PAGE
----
Where are my people? A question for Sector employers.


I’ve spoken a lot about the lack of skills within the disability sector. And I have a few suspicions as to how the industry got here and why it will stay there if the government doesn’t do something.

There needs to be lived, real, raw experience at the top of the food chain in the disability sector. There is certain morality and ethical investment that comes with employing lived experience, and this is needed to trickle down to re-invest integrity and character back into the sector. There is sadly though, very little value placed on the lived experience across the board. There needs to be more lived experience on the ground, in management and leadership roles that can bring that type of morality that only comes with experience. There are too many people making decisions and in positions of power who have no idea what they are talking about. This pervasive sector ignorance is decimating the industry.

FACT #1 There are no more sick days, annual leave days, carer days, for people like me. I am the primary carer for a child with profound and complex disabilities, and despite the level of disability in my home, there is nothing extra in the workplace in the way of leave accruals to support me. She is not a child anymore as such, she will be 17 years old in feb 2023. We, like many families in the same boat as us, have simply gone without. We went without holidays, time off, and went without the ability to use our sick leave for ourselves. I have always used all of my leave on my daughter, because I had no choice. In fact no employer asked me if I needed anything. I’d watch my workplace peers as they would take holidays in the office, they would proudly show off their photos and recount stories of the good, bad, and funny during their trips. I felt trapped, and wanted to be able to do that myself. But for me, it wasn’t an option. My daughter’s chronic health problems meant that I could never accrue enough leave. 

The people I worked with were kind and genuine and would remark things like, ” I don’t know how you do it…” when she went to hospital. “Not again.” They’d say. Stress levels go through the roof when the person you care for is constantly and critically unwell and fatigue encroaches very quickly. I just had to strap my boots back on and go back to work because caring for a person with significant disabilities is is expensive, truthfully anything related to disability is expensive.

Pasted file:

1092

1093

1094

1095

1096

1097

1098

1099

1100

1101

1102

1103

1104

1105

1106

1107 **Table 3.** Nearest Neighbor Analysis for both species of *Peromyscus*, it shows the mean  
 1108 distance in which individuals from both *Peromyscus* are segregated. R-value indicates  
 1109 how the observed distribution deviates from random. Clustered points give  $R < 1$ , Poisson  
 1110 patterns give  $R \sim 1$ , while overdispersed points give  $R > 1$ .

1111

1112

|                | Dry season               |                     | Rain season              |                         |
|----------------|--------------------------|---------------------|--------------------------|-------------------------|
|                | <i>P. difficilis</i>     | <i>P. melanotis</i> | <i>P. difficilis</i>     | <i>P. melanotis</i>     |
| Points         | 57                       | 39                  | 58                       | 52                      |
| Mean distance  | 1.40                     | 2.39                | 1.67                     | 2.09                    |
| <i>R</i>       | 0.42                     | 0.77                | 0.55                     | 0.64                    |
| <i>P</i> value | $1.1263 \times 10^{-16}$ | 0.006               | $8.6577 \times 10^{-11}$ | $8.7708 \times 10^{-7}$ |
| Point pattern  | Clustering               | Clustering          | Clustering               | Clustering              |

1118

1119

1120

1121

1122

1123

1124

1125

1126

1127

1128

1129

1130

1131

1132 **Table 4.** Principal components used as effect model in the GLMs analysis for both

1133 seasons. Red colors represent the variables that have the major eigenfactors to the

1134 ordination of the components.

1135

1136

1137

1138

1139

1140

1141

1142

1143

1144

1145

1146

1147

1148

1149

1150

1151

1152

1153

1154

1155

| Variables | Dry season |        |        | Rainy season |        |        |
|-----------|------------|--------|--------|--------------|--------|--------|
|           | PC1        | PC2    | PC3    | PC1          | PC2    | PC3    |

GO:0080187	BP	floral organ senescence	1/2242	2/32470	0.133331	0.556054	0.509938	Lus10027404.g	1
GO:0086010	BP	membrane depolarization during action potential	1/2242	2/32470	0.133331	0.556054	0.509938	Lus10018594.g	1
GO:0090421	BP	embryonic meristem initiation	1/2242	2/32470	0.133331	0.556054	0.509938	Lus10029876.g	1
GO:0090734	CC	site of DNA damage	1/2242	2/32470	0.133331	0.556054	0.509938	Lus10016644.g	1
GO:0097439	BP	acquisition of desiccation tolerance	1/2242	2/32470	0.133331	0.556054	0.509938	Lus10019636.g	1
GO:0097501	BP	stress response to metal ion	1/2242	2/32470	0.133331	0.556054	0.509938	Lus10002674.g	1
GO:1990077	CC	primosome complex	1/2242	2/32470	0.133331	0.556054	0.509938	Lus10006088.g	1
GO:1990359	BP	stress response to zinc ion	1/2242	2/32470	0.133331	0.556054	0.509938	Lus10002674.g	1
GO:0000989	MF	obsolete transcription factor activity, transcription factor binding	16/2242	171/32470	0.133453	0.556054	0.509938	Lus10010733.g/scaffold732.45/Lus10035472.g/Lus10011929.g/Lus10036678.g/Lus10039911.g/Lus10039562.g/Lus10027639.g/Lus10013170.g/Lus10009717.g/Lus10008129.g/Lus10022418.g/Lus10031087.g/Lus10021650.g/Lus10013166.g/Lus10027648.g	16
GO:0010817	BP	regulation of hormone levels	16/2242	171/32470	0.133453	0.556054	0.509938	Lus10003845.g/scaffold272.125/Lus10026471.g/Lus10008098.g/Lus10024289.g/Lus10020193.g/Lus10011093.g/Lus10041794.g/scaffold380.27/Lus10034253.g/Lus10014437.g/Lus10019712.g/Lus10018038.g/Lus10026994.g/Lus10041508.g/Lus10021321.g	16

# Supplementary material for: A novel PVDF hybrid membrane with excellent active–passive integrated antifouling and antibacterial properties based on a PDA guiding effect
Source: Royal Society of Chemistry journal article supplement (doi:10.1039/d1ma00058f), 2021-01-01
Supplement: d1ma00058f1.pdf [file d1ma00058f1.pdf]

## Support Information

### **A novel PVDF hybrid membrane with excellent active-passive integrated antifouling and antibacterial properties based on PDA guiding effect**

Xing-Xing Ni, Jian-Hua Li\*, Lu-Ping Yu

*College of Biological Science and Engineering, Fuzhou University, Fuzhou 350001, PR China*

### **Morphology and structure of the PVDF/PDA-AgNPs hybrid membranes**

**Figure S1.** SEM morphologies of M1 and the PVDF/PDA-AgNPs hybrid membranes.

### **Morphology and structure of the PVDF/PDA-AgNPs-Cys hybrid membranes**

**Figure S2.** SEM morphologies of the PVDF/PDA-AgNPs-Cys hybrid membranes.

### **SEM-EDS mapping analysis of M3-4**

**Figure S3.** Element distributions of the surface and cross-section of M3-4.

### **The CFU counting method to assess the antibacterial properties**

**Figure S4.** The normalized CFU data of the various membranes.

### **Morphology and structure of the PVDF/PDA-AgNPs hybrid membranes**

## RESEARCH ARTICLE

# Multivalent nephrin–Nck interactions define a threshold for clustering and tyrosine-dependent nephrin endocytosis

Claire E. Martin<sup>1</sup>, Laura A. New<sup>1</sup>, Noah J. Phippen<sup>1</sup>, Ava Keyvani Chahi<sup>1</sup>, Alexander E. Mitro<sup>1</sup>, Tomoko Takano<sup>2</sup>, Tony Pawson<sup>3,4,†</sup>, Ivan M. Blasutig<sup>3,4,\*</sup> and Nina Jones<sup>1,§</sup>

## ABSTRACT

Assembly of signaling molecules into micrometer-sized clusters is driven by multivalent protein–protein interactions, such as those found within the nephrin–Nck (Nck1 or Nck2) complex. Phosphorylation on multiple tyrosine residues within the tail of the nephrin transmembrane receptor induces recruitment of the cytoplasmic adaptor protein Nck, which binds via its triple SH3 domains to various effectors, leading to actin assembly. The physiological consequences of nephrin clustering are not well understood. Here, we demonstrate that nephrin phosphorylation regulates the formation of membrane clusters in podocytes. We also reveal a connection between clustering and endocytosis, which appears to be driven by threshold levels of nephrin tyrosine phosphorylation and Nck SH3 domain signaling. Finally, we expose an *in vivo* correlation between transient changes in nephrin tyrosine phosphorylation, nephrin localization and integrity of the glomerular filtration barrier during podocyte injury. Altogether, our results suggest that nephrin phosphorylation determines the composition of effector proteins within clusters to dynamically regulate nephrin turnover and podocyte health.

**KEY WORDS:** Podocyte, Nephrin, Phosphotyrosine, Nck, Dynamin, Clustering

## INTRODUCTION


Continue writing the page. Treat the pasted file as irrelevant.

Just to clarify: the disability world is categorically not for someone who cares about equity. You just need to grin and bear it. We need to open some real, raw conversations about legitimately supporting carers in the workforce. 

FACT #2 

There is not enough respect shown for the carer role. The ‘lived experience’ is actually the most incredible resource within the Disability Sector, itself. Yet it still lays dormant. I am urging every Disability Sector Organisation, Agency, Company, Provider out there trying to provide services to the disability community to please employ some lived experience. 

Don’t be so foolish to think that you can provide services to the disability community without being connected to their needs and who they are. They are a bold, strong, wise, experienced community, with specific needs. A course, certificate, diploma, or degree is not going to save you. Stop thinking that you know something about this community and its culture because you have read, studied or done some work already in the industry. You need insight, substance, and explicit knowledge. You can only get that from attaching to and employing the type of integrity that only comes with lived experience. 

FACT # 3

After you employ persons with lived experience: listen to them. Mostly my experience is one of not being valued. My explicit industry knowledge was overridden by other staff who thought they knew better, staff who didn’t understand and who couldn’t be told. You are going to fail with a mindset like that. My advice is to employ the right people who know the industry by means of lived experience and take advantage of them and their in depth understanding of the customer base. After all they are the customer. Discuss the disability community with them. Discuss disability culture with them. Learn who your customer actually is, and then modify your business strategy to fit that model. Look at the ‘culture’ within your own business. Address the misconceptions. Address the language your staff use, and surely you will get closer to the finish line.

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